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Y. Cyberconduct and Cyberbullying

1. Definitions

a) Appropriate cyberconduct involves a set of guidelines for behaving appropriately online including all forms of electronic communication. In an educational setting, examples of appropriate cyberconduct include:

  1. maintaining professional standards when communicating with teachers, students, parents, and administrators;
  2. maintaining the confidentiality of information about students, parents, teachers, or administrators;
  3. respecting the rights of all members of the online community and acting in a manner that facilitates the orderly functioning of that community;
  4. ensuring that appropriate safeguards and privacy protection measures are in place prior to posting personal or professional data.

b) Cyberbullying: The use of information and communication technology to bully, embarrass, threaten or harass another. It also includes the use of information and communication technology to engage in conduct or behaviour that is derogatory, defamatory, degrading, illegal, and/or abusive.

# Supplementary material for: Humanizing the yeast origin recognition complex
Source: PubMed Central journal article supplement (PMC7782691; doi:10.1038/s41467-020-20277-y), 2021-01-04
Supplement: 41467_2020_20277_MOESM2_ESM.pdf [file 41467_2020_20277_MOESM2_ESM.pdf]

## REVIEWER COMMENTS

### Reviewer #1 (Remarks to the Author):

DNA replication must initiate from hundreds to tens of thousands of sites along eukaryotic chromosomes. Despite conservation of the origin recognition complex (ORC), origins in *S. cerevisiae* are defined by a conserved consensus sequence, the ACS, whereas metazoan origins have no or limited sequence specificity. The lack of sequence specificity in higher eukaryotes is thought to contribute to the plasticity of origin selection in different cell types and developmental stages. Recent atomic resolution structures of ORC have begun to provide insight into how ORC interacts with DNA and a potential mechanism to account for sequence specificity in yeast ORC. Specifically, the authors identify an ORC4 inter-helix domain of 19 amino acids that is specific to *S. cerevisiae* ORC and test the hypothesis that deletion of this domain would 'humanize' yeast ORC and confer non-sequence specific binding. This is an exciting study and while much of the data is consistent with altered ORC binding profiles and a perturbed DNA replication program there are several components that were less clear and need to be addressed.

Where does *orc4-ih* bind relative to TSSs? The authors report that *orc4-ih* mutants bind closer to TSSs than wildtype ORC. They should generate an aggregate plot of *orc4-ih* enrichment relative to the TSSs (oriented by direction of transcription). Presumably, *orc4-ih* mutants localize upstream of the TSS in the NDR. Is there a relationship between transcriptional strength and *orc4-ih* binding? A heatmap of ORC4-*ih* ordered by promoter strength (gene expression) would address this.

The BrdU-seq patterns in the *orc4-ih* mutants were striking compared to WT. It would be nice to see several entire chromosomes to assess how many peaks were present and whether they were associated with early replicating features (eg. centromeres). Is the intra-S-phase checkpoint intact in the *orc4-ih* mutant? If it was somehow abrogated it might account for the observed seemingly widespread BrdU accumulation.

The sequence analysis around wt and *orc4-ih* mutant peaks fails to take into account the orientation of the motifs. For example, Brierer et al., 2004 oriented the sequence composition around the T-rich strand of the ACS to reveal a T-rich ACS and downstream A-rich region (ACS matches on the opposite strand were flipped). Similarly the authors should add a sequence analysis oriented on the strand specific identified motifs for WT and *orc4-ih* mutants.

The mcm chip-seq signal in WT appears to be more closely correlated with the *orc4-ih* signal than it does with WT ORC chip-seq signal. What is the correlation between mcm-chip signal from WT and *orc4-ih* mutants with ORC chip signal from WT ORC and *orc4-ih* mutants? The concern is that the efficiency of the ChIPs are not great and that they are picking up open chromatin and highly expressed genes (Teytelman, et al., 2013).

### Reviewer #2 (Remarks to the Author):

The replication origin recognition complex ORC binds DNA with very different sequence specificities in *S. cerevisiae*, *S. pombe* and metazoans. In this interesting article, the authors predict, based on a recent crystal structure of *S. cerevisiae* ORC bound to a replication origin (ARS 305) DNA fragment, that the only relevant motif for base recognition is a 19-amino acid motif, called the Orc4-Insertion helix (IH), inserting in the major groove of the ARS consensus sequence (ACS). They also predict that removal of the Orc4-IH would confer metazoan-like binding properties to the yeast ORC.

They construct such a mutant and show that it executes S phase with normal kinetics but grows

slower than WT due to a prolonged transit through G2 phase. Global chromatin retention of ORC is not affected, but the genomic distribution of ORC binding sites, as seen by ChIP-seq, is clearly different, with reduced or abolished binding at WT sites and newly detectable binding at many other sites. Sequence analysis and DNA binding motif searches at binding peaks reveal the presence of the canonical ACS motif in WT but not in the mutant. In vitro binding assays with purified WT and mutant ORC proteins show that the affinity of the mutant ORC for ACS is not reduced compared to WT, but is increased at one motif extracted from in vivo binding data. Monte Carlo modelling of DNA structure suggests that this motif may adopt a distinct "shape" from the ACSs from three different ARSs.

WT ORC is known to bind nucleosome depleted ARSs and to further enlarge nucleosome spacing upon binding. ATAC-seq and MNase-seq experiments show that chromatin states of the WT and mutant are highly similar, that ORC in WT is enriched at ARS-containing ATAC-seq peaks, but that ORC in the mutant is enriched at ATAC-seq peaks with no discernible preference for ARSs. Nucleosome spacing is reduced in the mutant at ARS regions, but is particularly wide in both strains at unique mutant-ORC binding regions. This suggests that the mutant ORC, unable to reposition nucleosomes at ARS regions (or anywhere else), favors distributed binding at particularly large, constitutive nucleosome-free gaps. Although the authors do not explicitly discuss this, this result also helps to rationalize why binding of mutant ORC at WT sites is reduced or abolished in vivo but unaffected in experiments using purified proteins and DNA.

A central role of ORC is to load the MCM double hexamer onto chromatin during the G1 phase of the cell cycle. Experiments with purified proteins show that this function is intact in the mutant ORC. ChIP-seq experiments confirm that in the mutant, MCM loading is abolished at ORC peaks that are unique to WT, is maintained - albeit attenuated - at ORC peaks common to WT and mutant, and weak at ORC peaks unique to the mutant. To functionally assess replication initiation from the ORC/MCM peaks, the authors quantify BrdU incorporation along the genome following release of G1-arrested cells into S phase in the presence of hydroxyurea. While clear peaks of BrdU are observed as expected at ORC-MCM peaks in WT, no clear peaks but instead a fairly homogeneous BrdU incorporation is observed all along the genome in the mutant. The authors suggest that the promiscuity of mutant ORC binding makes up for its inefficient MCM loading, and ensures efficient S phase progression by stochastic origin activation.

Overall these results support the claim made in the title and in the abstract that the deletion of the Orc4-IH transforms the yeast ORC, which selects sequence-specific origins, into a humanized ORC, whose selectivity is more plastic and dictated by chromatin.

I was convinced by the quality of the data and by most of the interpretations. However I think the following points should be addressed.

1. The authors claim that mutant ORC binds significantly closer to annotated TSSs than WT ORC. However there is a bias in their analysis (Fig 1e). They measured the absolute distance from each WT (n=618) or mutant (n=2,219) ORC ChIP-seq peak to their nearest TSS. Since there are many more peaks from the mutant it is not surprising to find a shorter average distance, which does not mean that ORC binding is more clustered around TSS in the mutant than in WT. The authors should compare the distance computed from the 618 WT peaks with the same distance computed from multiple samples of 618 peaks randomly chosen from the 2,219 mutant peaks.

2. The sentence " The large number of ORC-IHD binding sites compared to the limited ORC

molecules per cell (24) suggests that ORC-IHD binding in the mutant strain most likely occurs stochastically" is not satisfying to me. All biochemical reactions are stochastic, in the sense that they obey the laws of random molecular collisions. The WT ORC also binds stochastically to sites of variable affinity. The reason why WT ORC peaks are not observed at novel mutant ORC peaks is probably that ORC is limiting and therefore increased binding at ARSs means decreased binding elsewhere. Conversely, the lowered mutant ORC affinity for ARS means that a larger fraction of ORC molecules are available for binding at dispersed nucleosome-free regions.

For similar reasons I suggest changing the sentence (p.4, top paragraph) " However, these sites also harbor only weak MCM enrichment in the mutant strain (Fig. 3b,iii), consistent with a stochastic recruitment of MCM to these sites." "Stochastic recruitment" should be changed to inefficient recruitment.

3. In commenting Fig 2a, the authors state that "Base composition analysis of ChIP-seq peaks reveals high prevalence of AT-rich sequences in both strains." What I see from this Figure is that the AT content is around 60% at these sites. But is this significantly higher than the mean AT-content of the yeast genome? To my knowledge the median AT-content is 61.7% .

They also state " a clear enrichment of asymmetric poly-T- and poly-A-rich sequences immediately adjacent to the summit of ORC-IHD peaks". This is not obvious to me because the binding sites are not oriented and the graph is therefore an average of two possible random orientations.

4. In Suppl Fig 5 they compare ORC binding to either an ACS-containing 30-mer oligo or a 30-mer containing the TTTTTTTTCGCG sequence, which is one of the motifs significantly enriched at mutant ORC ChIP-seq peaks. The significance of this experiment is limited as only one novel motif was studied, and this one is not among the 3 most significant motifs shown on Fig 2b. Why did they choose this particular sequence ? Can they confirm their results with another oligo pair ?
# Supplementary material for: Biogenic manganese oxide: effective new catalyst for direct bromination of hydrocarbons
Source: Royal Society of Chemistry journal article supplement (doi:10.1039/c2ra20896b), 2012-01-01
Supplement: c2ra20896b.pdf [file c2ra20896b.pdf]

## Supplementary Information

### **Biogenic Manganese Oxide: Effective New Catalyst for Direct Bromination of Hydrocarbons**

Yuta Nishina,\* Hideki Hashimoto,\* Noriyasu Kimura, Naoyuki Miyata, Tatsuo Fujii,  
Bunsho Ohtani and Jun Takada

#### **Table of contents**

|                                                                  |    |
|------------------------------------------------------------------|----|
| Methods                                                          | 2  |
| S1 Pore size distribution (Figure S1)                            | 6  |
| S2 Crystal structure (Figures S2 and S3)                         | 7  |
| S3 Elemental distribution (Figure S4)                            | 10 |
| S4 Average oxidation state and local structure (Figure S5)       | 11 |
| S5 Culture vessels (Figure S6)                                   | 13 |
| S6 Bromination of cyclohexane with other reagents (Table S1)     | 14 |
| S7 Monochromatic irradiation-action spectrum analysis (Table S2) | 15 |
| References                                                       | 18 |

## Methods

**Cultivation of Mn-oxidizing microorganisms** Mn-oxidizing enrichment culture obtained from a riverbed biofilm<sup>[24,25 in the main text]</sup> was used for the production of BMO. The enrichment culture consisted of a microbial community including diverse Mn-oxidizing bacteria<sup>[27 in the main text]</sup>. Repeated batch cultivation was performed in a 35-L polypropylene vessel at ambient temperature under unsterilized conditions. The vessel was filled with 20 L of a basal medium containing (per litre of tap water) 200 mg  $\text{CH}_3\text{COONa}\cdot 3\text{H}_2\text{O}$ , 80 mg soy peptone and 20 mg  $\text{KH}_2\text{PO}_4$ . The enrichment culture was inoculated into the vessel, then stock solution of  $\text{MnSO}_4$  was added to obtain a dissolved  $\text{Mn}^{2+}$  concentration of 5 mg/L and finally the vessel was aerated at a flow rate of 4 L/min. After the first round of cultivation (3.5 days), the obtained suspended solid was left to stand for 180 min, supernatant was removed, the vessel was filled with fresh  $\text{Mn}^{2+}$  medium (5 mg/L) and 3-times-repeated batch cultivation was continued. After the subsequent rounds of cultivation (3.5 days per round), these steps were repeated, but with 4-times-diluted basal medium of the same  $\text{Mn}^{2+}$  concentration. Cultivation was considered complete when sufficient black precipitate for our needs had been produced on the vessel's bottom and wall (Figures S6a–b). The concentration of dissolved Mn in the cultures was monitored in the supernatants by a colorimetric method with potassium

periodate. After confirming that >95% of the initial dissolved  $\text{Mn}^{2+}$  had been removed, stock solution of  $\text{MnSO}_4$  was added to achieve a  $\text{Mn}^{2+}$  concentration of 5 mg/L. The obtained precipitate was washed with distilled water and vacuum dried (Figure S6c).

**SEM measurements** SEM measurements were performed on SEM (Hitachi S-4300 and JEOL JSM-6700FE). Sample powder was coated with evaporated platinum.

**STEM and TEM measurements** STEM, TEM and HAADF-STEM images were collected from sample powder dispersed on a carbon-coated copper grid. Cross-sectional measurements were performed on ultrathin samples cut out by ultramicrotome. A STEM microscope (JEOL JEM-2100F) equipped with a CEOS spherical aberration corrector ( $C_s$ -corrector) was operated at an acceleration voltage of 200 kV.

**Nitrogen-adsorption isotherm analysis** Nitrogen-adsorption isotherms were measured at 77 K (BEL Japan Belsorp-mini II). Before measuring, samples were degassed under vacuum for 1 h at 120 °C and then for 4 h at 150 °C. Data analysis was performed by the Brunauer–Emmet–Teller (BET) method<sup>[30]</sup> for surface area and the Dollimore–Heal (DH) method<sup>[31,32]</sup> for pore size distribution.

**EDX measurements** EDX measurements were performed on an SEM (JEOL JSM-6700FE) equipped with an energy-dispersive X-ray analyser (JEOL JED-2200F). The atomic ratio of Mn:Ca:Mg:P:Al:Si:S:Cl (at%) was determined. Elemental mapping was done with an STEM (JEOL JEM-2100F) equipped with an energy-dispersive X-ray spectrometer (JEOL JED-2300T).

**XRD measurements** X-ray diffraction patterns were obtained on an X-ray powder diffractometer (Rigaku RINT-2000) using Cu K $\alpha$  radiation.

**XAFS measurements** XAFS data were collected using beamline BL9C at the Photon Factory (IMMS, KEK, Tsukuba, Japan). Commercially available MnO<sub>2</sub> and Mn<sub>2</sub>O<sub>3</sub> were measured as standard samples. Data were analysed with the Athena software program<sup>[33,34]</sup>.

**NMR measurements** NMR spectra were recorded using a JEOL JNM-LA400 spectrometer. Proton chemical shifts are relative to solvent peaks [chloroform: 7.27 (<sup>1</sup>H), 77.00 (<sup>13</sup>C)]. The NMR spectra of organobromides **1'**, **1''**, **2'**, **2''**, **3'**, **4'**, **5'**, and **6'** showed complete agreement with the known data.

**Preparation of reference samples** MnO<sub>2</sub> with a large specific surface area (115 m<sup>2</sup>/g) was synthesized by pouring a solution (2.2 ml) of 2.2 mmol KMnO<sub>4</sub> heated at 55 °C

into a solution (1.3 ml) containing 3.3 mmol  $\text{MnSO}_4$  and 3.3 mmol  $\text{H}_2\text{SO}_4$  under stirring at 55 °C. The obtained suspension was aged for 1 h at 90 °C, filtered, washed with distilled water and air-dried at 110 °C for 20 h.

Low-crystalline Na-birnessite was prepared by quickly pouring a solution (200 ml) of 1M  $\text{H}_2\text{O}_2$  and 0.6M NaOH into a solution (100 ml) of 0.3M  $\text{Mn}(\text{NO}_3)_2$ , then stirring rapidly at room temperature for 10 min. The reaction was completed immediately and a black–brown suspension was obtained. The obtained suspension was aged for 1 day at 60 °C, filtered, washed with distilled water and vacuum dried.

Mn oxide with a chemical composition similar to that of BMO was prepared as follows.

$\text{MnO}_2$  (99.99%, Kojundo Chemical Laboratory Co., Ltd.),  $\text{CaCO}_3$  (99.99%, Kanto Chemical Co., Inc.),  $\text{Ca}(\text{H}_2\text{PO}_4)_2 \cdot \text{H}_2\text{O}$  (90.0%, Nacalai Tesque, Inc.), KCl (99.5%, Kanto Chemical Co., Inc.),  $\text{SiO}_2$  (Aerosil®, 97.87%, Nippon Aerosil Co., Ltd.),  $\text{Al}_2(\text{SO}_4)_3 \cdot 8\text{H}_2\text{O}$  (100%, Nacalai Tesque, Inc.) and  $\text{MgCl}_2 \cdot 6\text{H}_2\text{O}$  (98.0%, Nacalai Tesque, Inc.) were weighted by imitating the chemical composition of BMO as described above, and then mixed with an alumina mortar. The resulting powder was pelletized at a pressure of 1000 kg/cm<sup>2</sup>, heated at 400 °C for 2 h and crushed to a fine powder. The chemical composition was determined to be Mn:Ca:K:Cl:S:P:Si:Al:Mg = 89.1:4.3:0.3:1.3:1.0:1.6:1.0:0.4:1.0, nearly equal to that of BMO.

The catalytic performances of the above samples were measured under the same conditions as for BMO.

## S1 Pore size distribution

c) Information and Communication Technology (ICT): Equipment including, but not limited to, current and emerging stationary or wireless technologies or systems that can be used by individuals or groups for the purpose of communication, entertainment, data management, word processing, internet access, image capture/recording, sound recording and information transmitting/receiving/storing.

d) Safe School Environment: Within the context of cyberconduct, it is an environment where teaching and learning takes place while accessing and utilizing all the educational opportunities, influence and potential of information and communication technology. Furthermore, it is a setting that is equitable and free from hazards and abuses directed at, or occurring from, users of information and communication technology.

2. Guiding Principles